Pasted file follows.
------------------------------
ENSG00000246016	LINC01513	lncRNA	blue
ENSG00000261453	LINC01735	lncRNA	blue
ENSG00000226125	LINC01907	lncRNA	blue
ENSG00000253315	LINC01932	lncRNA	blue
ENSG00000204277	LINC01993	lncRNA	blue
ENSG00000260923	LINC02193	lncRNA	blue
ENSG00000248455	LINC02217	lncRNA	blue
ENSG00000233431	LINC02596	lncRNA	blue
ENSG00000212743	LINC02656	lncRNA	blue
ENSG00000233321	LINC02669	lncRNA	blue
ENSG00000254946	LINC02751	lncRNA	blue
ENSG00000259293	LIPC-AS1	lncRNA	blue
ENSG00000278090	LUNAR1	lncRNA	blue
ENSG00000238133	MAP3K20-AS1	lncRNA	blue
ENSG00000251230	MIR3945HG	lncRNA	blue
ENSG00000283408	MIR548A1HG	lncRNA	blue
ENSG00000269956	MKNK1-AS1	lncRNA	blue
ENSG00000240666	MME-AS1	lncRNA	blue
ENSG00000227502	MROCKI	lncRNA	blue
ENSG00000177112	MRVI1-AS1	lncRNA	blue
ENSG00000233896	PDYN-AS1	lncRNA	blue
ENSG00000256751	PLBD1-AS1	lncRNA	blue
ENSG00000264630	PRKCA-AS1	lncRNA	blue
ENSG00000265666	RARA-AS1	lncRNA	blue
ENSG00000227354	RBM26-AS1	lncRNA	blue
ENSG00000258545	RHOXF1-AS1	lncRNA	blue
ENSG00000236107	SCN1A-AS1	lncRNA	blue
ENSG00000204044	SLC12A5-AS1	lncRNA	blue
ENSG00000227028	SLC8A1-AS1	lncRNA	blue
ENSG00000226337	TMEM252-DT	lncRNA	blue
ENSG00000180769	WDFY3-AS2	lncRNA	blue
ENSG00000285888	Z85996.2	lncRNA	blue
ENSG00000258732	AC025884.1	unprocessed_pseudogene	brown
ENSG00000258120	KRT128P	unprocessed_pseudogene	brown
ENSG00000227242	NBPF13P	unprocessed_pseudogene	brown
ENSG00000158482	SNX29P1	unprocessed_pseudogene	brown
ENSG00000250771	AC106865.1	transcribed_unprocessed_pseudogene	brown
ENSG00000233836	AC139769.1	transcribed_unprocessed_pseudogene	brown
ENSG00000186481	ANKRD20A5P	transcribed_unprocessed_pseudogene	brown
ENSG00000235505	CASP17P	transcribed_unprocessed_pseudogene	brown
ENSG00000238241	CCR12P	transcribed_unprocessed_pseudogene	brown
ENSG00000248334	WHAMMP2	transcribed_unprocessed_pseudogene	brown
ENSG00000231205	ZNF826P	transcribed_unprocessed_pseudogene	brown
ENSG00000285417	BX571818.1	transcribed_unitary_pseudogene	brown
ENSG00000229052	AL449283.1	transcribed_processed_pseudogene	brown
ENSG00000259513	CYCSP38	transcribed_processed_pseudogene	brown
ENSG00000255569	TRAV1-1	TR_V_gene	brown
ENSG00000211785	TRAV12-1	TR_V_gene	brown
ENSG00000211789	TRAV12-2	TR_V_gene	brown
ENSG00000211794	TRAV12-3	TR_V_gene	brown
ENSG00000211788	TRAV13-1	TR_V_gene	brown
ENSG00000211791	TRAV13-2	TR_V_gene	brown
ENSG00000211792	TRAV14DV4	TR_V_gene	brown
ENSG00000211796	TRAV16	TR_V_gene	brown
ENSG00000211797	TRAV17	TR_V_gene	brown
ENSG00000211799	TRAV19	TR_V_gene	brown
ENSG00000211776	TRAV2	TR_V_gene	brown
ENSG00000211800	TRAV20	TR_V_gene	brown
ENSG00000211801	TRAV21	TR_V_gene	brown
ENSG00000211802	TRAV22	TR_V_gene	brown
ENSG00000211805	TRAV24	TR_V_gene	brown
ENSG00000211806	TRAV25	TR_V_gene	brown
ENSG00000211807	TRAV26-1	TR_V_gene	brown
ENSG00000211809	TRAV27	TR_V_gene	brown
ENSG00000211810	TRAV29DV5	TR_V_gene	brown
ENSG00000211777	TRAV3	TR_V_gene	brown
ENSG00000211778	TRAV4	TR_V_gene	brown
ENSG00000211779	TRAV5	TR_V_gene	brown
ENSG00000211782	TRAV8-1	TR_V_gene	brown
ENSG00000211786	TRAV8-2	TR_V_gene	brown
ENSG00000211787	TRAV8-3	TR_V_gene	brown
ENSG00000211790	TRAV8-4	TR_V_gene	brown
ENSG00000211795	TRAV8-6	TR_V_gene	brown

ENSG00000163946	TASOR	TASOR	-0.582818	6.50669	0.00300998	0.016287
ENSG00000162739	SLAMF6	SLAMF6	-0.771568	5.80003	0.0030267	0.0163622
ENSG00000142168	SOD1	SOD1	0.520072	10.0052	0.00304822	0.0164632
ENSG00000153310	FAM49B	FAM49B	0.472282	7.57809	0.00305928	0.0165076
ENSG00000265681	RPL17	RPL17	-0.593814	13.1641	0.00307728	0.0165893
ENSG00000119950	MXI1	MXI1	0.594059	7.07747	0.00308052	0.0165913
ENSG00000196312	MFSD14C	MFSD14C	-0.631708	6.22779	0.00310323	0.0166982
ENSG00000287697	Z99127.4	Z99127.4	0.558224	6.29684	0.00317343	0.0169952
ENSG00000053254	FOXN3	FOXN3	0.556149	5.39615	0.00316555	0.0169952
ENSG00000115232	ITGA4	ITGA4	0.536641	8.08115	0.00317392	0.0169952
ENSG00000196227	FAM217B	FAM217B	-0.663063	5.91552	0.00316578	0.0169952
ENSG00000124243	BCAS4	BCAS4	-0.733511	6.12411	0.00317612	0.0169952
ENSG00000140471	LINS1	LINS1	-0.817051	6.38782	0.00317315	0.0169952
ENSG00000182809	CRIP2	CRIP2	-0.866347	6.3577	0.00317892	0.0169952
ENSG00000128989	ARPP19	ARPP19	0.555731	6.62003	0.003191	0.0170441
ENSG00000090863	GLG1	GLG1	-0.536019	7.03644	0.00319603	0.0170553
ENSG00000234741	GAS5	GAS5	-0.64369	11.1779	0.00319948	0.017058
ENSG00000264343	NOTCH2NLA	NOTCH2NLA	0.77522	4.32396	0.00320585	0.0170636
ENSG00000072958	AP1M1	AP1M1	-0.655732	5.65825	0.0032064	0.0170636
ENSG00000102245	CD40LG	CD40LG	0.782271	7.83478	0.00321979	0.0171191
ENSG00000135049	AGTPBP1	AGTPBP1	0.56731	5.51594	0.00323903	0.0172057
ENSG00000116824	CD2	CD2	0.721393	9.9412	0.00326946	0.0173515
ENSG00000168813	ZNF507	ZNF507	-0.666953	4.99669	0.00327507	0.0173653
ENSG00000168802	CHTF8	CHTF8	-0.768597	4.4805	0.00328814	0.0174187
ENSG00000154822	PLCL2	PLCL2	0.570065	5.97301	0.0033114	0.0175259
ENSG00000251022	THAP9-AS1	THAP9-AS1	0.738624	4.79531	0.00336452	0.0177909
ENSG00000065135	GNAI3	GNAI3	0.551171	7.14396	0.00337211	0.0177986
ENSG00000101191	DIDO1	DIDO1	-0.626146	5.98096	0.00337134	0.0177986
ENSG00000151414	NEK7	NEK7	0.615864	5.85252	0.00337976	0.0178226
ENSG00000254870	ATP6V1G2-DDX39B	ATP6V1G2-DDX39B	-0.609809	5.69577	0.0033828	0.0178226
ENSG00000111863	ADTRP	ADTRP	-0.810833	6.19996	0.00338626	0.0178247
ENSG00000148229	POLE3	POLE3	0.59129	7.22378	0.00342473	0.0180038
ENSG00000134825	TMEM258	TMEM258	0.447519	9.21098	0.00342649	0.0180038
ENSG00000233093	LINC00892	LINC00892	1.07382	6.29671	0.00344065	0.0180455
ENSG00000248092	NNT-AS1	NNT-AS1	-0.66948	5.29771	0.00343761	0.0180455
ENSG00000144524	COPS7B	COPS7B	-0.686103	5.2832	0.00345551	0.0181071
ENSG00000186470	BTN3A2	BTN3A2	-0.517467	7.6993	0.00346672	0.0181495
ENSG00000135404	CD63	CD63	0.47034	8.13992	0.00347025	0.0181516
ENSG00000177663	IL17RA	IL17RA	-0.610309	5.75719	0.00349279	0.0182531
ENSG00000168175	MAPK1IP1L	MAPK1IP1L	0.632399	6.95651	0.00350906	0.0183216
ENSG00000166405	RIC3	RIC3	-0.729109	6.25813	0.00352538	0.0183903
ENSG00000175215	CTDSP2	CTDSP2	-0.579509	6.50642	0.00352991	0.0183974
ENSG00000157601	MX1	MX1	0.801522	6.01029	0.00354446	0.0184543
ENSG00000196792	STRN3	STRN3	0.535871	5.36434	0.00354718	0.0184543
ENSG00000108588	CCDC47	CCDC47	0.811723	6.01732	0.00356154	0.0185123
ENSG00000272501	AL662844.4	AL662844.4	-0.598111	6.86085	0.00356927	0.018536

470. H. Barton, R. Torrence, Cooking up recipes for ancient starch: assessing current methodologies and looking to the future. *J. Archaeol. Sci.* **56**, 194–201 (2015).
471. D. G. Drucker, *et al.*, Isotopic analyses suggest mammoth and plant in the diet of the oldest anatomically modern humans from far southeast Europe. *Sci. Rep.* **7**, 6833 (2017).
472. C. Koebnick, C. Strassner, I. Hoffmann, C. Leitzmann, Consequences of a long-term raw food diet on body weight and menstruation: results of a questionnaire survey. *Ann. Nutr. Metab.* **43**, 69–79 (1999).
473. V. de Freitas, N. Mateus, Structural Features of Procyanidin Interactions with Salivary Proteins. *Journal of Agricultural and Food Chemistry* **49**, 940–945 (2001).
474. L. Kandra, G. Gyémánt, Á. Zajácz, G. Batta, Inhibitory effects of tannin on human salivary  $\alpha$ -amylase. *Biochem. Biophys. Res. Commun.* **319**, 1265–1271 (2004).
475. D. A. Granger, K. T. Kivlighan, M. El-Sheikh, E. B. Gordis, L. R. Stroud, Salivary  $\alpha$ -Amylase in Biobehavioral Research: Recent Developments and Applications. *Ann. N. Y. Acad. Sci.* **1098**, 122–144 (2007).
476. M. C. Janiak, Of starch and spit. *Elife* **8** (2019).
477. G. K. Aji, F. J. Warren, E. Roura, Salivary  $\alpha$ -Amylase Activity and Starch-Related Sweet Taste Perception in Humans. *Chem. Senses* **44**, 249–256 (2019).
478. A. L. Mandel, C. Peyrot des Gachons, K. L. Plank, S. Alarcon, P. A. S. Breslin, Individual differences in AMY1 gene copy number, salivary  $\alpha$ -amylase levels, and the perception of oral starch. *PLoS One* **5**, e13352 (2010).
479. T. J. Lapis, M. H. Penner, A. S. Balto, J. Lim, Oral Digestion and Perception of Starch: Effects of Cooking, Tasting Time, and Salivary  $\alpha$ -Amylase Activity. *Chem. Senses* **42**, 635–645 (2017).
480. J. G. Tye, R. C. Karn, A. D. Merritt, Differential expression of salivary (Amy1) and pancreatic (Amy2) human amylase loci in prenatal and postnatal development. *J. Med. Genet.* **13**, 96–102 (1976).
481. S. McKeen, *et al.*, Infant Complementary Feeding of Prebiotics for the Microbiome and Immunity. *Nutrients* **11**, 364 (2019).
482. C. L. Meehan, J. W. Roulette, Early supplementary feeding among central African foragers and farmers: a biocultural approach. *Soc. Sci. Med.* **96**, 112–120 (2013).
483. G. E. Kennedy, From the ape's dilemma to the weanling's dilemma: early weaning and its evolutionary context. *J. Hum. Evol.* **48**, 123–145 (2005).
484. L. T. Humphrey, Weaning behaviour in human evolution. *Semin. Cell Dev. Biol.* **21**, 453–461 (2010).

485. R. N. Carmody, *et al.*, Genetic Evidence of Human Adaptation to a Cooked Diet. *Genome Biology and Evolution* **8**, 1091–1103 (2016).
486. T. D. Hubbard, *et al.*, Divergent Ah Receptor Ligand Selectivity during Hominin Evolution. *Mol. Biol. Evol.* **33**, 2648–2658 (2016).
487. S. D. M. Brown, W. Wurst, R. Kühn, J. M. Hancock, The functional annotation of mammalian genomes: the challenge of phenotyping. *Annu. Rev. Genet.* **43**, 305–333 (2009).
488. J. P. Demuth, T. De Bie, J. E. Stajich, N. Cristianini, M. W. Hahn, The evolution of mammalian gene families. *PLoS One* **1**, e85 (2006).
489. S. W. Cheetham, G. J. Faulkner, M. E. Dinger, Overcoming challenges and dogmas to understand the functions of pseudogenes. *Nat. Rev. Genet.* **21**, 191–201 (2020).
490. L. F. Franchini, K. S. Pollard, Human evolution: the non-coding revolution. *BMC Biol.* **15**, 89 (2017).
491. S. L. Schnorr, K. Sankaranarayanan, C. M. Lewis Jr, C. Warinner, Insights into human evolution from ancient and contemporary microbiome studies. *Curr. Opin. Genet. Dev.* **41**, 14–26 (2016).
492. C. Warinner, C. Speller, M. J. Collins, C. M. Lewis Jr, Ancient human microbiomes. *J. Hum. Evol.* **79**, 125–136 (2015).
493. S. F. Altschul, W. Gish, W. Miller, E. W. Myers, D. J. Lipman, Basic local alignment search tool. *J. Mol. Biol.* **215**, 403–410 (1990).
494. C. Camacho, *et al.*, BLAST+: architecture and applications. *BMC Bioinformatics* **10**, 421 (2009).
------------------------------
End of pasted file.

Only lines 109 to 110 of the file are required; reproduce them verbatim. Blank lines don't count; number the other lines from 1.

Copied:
ENSG00000144524	COPS7B	COPS7B	-0.686103	5.2832	0.00345551	0.0181071
ENSG00000186470	BTN3A2	BTN3A2	-0.517467	7.6993	0.00346672	0.0181495